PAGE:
So far this is sounding pretty good, but there's two issues that are constantly present on very different sides of the divide. It may sound like one existing would contradict the other, but, hear me out...
The HD telecine is heavy on chroma noise, with Aikawa Show's gray suit constantly infected with a sort of buzzing swarm of green and red shimmering, as are the darkened backstage scenes set at the strip club. I have no idea what Telecine hardware was used, but I know the fuzzy-yet-coarse results of a less than optimal device when I see it; I won't point fingers or take any wild guesses, suffice to say that the film elements themselves appear to be in decent-enough shape, which puts the presence of gross, irregular chroma artifacts like we're seeing here solely on the Telecine hardware. To put this another way, don't you hate it when you're watching a 35mm print and all the dark scenes have weird, rainbow-colored grain? No, you don't, because that's not a thing on celluloid - or at least not one I've ever seen, not even at the New Beverly's Tuesday Grindhouse Double Features. It's simply a limitation on the telecine hardware when the scanner picks up low-lit material and can't quite find a bead on what the color information should be, at which point it manifests as seemingly random chromatic spittle. It's basically the same thing we saw in the Media Blasters HD release of Burial Ground, it's just dramatically less pronounced - and thank fuck for that.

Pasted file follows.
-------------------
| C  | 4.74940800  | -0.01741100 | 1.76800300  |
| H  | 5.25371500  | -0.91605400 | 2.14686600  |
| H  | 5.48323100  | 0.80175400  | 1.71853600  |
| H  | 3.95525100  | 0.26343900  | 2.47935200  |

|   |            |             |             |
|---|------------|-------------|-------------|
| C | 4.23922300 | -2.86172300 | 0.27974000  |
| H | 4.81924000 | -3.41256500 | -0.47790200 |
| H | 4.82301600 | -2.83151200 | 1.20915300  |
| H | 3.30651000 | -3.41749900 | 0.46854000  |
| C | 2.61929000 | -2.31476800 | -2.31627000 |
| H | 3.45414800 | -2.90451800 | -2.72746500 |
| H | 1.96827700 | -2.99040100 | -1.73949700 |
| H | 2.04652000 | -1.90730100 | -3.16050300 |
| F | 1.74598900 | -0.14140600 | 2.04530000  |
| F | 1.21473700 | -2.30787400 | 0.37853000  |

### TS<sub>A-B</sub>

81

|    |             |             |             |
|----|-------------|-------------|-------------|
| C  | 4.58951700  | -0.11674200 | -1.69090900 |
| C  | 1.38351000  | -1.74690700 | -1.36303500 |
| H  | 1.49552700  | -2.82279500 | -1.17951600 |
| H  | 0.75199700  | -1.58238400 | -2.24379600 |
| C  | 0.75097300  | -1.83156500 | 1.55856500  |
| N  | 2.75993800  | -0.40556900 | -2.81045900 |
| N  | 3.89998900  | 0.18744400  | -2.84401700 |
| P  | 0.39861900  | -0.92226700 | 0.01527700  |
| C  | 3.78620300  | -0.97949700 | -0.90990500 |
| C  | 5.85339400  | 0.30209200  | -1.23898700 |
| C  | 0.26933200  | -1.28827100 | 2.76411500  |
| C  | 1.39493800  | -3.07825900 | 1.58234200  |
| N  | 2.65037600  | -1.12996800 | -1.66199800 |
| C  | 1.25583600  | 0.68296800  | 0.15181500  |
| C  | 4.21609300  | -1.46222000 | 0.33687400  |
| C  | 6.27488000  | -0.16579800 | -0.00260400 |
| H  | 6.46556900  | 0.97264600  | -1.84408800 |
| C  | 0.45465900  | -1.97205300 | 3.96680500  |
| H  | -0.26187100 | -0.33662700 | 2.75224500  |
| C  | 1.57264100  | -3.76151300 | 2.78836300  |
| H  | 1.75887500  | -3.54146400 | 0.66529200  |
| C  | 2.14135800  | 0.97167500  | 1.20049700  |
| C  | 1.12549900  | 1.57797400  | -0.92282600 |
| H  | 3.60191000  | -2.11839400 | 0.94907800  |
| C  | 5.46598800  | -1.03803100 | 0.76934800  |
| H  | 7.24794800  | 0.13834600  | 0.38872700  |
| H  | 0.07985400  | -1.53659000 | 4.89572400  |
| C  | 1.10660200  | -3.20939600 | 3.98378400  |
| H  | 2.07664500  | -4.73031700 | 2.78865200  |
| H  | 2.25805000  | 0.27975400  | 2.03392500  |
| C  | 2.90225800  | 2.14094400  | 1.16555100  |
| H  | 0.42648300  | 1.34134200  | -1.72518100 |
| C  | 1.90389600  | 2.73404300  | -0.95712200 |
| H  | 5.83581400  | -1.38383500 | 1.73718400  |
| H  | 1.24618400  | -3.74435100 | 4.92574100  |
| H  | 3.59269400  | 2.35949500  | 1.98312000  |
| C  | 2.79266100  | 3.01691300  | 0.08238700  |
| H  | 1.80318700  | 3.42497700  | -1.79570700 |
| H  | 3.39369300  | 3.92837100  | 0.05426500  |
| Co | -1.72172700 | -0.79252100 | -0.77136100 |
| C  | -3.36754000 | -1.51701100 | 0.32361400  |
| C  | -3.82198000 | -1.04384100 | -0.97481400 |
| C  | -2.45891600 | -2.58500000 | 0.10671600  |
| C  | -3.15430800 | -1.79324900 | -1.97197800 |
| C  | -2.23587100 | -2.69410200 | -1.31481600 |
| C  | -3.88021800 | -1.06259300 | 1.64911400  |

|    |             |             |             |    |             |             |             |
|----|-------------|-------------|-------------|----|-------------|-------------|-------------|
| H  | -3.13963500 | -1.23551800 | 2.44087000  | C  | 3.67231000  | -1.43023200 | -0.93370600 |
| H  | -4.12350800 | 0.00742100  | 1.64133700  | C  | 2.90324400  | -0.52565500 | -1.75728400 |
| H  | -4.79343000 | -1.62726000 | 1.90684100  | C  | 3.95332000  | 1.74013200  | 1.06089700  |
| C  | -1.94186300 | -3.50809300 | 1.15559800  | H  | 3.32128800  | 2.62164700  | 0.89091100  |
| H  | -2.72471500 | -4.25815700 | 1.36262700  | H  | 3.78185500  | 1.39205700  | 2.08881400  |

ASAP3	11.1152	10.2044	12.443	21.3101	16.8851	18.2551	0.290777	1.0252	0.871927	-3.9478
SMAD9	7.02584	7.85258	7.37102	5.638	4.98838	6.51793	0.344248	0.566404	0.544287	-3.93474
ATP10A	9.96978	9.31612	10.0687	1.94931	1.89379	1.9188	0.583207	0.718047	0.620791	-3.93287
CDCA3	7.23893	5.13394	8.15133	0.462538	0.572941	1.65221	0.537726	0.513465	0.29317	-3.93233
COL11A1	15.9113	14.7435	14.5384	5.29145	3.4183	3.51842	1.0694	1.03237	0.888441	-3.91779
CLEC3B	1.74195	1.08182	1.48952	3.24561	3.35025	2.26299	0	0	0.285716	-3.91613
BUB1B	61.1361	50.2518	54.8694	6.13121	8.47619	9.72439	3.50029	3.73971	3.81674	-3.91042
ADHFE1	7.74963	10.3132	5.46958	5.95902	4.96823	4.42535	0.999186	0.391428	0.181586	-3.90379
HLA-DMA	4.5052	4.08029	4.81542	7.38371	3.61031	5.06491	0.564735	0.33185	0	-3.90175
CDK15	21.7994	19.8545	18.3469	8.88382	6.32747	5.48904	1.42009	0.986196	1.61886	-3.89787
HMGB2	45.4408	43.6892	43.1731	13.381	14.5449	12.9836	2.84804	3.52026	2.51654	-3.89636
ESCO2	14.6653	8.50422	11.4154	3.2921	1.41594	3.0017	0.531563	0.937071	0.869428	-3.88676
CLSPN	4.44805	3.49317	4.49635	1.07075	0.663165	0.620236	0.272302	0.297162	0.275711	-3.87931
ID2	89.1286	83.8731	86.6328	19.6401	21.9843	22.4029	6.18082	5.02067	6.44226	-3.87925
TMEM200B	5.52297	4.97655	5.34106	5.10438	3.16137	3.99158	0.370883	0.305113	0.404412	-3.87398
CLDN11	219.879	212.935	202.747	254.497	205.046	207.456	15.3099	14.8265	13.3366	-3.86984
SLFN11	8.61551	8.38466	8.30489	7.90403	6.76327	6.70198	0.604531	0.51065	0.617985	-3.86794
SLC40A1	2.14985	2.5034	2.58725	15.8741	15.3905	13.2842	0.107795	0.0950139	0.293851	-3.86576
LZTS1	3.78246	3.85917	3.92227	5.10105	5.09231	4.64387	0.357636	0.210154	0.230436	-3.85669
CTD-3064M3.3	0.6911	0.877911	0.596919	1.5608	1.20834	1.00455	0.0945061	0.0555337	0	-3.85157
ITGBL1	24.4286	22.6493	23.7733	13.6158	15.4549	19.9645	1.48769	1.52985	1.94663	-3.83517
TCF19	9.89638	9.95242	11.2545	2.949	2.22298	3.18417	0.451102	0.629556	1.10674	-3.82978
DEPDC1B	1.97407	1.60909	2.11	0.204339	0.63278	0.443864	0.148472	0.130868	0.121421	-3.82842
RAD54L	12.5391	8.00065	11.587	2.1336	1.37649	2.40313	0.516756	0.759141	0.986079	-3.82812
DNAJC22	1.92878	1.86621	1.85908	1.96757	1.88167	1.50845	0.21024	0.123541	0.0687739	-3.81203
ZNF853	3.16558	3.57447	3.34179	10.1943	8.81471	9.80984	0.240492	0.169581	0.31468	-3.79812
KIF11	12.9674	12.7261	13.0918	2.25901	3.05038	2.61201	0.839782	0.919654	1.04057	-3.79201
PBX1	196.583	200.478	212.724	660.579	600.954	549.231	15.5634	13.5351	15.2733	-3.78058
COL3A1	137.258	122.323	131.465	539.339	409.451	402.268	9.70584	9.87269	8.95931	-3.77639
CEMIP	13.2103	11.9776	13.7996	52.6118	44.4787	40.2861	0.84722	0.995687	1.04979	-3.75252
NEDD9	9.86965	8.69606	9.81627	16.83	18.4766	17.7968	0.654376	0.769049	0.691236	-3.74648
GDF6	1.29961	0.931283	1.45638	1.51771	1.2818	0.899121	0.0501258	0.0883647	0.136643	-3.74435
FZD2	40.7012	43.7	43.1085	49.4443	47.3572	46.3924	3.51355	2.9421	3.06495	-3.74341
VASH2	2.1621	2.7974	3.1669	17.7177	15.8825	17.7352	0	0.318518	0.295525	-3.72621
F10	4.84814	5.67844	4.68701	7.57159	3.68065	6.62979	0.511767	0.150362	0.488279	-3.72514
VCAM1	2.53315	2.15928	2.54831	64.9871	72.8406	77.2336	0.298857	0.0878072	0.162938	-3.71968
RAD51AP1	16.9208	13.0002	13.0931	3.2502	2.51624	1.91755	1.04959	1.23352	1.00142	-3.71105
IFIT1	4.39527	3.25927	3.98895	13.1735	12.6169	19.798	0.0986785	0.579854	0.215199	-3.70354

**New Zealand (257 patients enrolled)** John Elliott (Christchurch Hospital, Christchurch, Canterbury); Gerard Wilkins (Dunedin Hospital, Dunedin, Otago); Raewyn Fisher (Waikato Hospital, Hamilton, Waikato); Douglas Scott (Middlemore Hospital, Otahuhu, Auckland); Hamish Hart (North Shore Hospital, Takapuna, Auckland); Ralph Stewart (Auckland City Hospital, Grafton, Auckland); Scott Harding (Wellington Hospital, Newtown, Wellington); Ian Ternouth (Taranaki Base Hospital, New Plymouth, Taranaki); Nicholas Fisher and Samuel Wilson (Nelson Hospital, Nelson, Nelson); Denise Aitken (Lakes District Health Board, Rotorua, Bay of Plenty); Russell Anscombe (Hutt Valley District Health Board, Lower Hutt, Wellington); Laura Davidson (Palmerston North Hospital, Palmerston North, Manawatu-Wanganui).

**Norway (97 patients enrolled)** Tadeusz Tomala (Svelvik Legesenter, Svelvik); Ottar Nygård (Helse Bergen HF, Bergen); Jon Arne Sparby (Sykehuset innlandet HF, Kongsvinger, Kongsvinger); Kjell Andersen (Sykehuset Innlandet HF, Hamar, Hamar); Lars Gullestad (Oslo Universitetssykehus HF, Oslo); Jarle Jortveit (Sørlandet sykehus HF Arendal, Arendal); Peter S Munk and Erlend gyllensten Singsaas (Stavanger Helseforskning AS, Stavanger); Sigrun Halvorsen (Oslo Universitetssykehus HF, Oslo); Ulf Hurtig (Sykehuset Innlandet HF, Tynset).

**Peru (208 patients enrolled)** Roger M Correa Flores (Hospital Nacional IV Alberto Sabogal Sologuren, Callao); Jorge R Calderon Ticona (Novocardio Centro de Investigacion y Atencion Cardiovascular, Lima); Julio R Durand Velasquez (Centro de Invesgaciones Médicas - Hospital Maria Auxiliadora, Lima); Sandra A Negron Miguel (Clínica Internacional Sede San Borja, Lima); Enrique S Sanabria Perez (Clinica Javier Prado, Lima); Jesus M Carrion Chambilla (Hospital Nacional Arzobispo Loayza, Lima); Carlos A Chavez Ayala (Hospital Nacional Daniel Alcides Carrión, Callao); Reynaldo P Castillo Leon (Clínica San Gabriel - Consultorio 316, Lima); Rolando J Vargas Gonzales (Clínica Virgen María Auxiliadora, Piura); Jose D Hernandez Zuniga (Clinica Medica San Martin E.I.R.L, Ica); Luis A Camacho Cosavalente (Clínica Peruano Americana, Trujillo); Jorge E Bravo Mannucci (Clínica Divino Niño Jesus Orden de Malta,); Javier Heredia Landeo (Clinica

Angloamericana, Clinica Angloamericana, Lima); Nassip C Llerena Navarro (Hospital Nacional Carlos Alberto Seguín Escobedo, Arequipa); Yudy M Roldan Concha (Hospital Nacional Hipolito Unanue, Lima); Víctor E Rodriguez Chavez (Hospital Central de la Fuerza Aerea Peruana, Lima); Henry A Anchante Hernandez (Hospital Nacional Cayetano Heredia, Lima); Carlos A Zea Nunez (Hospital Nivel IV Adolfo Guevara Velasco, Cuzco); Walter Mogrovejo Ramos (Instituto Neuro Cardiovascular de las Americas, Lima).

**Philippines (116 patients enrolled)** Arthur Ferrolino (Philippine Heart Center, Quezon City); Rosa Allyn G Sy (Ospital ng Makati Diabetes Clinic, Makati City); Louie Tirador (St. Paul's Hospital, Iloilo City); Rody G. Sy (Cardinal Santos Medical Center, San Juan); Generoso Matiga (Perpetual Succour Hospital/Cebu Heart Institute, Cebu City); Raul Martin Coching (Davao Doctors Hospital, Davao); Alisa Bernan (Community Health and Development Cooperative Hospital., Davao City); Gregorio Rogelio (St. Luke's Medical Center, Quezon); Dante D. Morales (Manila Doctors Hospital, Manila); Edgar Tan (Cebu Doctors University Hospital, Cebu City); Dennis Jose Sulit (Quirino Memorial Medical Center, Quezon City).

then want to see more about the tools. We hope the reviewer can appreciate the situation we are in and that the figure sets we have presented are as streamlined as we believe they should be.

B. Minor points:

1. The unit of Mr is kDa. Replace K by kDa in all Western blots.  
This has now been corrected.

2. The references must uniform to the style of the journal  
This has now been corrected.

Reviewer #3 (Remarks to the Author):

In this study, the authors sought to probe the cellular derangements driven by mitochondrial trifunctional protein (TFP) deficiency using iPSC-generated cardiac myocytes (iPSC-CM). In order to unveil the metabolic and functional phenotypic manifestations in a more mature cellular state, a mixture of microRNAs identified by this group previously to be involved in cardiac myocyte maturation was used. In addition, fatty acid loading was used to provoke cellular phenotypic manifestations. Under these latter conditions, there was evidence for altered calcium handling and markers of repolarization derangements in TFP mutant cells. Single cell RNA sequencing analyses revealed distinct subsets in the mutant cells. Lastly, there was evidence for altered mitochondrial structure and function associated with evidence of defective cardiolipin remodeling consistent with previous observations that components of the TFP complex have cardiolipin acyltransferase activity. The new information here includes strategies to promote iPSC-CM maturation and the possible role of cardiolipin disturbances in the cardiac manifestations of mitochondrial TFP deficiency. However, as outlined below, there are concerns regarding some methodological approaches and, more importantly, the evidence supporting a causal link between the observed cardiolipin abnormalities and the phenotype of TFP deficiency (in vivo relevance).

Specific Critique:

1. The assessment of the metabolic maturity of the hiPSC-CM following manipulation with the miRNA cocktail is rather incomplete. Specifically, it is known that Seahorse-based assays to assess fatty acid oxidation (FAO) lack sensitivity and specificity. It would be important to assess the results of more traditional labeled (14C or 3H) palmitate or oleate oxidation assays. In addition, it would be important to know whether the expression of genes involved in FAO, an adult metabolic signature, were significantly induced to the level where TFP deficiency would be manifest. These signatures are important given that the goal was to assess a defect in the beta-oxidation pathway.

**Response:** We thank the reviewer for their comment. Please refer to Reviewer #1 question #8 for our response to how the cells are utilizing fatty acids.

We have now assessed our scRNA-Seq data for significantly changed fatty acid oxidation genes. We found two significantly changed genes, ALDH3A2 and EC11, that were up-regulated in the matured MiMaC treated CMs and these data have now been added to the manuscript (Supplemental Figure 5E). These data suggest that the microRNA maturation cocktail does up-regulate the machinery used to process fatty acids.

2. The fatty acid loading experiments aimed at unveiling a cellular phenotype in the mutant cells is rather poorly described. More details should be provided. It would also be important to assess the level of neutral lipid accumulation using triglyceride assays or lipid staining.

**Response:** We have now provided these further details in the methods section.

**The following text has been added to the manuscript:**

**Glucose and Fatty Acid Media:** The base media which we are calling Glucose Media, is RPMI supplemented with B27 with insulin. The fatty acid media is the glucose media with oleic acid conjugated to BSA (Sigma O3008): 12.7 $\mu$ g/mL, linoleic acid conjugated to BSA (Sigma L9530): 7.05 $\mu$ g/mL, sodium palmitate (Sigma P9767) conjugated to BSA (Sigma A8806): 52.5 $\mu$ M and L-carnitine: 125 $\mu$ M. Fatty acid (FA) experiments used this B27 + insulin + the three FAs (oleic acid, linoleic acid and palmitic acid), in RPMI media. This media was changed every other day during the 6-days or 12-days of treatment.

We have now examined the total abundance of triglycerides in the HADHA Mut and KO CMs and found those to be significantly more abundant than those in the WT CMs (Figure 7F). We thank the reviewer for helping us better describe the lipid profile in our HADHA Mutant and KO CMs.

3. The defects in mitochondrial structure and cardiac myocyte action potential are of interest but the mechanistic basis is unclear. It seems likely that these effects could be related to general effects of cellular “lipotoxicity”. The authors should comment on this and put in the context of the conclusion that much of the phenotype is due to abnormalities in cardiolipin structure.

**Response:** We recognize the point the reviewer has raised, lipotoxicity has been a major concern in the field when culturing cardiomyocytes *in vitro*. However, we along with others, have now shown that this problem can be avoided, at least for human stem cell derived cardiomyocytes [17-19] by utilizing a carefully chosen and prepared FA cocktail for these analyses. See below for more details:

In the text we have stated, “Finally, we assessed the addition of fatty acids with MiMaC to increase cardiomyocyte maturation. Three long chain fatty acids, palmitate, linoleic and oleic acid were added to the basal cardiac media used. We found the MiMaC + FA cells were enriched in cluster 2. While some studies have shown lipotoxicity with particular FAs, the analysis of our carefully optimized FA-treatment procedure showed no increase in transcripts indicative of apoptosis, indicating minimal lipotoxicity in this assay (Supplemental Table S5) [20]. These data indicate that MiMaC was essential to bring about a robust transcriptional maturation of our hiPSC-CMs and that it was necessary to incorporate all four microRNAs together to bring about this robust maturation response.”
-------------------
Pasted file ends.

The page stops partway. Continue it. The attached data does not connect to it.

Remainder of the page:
But that's not all! Despite the whole film having a heavy noise structure covering the image, there has been some... interesting noise removal applied. I say "interesting" because I don't quite get what's going on here. Some scenes - such as the shots on the police station roof - have been blasted of anything resembling grain. Others look like they weren't processed at all. Darker areas tend to be left alone, but brighter spots of the scene - particularly anything green or blue, such as police uniforms - tend to have a total lack of harsh noise, at the cost of some temporal smearing. I won't lie, the noise is so sharp and funky looking that the DVNR'ed footage might actually look better than the raw telecine... but the DVNR is applied so infrequently and to such specific frequencies that at times you can see flesh tones and white shirts smeared while the rest of the screen is crawling with heavy, coarse analogue artifacts. A perfect example is the shot of the guy in the green jacket holding the sword; his forehead and shoulders are smoothed clean, while the rest of the frame is positively crawling with video noise. It just looks weird once you see those frequency cut-offs, and as the image as a whole is still crawling from neck to tail in coarse video noise, it didn't really "fix" anything, it just made the divide between the more-smeared scenes and the more-noisy scenes that much more obvious.